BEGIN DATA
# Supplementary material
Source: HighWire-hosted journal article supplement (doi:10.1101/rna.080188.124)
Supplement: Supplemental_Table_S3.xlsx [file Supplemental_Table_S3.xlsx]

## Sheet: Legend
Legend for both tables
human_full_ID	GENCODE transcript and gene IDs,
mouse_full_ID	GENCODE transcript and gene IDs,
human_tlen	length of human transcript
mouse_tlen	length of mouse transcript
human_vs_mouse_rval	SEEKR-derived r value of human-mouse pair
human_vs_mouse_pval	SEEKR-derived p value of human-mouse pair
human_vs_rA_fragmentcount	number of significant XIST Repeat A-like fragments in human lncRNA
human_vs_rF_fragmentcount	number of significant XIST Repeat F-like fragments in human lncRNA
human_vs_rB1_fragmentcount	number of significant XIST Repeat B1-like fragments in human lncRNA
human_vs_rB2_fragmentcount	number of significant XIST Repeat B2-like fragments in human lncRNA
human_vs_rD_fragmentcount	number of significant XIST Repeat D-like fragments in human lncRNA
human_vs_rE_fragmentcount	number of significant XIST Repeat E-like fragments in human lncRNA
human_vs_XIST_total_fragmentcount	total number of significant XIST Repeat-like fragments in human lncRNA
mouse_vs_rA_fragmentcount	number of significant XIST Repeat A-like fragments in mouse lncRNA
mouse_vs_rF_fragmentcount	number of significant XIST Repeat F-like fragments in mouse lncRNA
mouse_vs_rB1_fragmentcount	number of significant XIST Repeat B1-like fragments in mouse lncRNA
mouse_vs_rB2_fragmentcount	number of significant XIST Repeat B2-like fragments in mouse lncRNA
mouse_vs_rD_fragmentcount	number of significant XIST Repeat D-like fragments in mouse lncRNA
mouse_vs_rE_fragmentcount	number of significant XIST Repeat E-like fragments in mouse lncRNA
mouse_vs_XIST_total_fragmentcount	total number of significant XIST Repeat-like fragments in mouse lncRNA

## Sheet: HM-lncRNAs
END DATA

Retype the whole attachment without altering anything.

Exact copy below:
# Supplementary material
Source: HighWire-hosted journal article supplement (doi:10.1101/rna.080188.124)
Supplement: Supplemental_Table_S3.xlsx [file Supplemental_Table_S3.xlsx]

## Sheet: Legend
Legend for both tables
human_full_ID	GENCODE transcript and gene IDs,
mouse_full_ID	GENCODE transcript and gene IDs,
human_tlen	length of human transcript
mouse_tlen	length of mouse transcript
human_vs_mouse_rval	SEEKR-derived r value of human-mouse pair
human_vs_mouse_pval	SEEKR-derived p value of human-mouse pair
human_vs_rA_fragmentcount	number of significant XIST Repeat A-like fragments in human lncRNA
human_vs_rF_fragmentcount	number of significant XIST Repeat F-like fragments in human lncRNA
human_vs_rB1_fragmentcount	number of significant XIST Repeat B1-like fragments in human lncRNA
human_vs_rB2_fragmentcount	number of significant XIST Repeat B2-like fragments in human lncRNA
human_vs_rD_fragmentcount	number of significant XIST Repeat D-like fragments in human lncRNA
human_vs_rE_fragmentcount	number of significant XIST Repeat E-like fragments in human lncRNA
human_vs_XIST_total_fragmentcount	total number of significant XIST Repeat-like fragments in human lncRNA
mouse_vs_rA_fragmentcount	number of significant XIST Repeat A-like fragments in mouse lncRNA
mouse_vs_rF_fragmentcount	number of significant XIST Repeat F-like fragments in mouse lncRNA
mouse_vs_rB1_fragmentcount	number of significant XIST Repeat B1-like fragments in mouse lncRNA
mouse_vs_rB2_fragmentcount	number of significant XIST Repeat B2-like fragments in mouse lncRNA
mouse_vs_rD_fragmentcount	number of significant XIST Repeat D-like fragments in mouse lncRNA
mouse_vs_rE_fragmentcount	number of significant XIST Repeat E-like fragments in mouse lncRNA
mouse_vs_XIST_total_fragmentcount	total number of significant XIST Repeat-like fragments in mouse lncRNA

## Sheet: HM-lncRNAs